Picture

Figure 1. Possible Factors Influencing Running Mechanics. Modified from MD, J. P. & PT, J. B. P. Gait Analysis: Normal and Pathological Function. (Slack Incorporated, 2010).

From these top five factors that can influence running mechanics, we also look at the individual’s history. For example, a recurring hamstring injury with training above 50 miles indicates a problem even if the runner states it’s not currently present. Deeper investigation of each individual muscle using dynamometry may be needed, not just manual muscle testing.

From these top five factors that can influence running mechanics, we also look at the individual’s history. For example, a recurring hamstring injury with training above 50 miles indicates a problem even if the runner states it’s not currently present. Deeper investigation of each individual muscle using dynamometry may be needed, not just manual muscle testing.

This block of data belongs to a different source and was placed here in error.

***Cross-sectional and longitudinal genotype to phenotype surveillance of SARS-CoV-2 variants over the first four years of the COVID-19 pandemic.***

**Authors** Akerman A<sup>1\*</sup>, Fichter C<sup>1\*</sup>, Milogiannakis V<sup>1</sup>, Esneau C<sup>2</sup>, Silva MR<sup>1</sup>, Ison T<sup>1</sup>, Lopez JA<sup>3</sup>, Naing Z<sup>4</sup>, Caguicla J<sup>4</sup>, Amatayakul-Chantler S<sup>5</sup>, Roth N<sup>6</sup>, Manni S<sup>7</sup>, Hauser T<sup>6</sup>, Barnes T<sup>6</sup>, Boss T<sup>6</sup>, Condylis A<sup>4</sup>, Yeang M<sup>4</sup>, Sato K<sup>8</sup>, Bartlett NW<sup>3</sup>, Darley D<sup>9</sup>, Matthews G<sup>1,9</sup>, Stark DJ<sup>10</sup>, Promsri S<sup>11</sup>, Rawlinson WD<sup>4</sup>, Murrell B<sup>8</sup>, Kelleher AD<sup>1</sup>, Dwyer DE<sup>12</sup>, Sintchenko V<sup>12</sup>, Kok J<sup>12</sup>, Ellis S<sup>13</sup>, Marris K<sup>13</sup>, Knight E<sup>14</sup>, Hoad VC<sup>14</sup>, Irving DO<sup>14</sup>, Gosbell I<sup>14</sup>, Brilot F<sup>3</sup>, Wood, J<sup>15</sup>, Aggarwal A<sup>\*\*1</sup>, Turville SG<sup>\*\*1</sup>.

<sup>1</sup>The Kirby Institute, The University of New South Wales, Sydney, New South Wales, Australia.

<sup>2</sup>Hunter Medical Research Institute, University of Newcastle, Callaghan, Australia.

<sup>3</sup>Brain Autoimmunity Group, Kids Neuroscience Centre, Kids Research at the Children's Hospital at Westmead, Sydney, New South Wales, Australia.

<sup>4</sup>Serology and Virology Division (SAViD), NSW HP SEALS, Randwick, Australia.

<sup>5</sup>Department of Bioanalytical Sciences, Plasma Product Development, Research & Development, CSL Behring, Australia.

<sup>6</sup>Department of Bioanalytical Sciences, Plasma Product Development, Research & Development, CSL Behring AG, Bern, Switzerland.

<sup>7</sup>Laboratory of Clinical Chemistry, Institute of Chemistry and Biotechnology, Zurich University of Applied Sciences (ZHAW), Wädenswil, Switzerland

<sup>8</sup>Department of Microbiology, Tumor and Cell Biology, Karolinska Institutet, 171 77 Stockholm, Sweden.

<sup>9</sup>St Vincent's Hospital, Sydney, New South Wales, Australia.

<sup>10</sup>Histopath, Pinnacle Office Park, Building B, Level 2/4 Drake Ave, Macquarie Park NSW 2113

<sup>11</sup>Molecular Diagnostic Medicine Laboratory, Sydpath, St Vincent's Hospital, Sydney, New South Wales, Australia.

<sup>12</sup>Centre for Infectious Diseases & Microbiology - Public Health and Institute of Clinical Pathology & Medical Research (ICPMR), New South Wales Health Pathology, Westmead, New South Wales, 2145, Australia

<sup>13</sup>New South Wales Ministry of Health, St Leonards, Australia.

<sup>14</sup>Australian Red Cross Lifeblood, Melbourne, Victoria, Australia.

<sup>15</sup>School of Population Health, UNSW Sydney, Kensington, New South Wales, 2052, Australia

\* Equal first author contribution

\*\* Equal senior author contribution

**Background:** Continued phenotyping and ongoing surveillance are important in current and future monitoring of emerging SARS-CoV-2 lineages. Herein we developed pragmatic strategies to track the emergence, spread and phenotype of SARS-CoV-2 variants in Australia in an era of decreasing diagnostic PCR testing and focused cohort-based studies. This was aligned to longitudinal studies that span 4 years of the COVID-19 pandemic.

Case Study

Here is an example of a case that we were able to handle with two gait training sessions

Subjective

Who: Avid female runner and swimmer increasing running mileage and speed over the past several months.

What: Sharp pain in the right low back and buttock area with running, especially longer distance.  Following the long run, the pain will change into an aching pain for the rest of the day.

When: Pain onset was rapid.  It started after a single run and then progressively worsened for each subsequent run.  At time of the exam, she was not able to run without pain.

Where: right sided low back and buttock pain.  Occurs while running on concrete and asphault.

Why: Increasing mileage.  No change in shoes.  Performing light stretching prior to running.  Changing shoes did not impact her pain.

Exam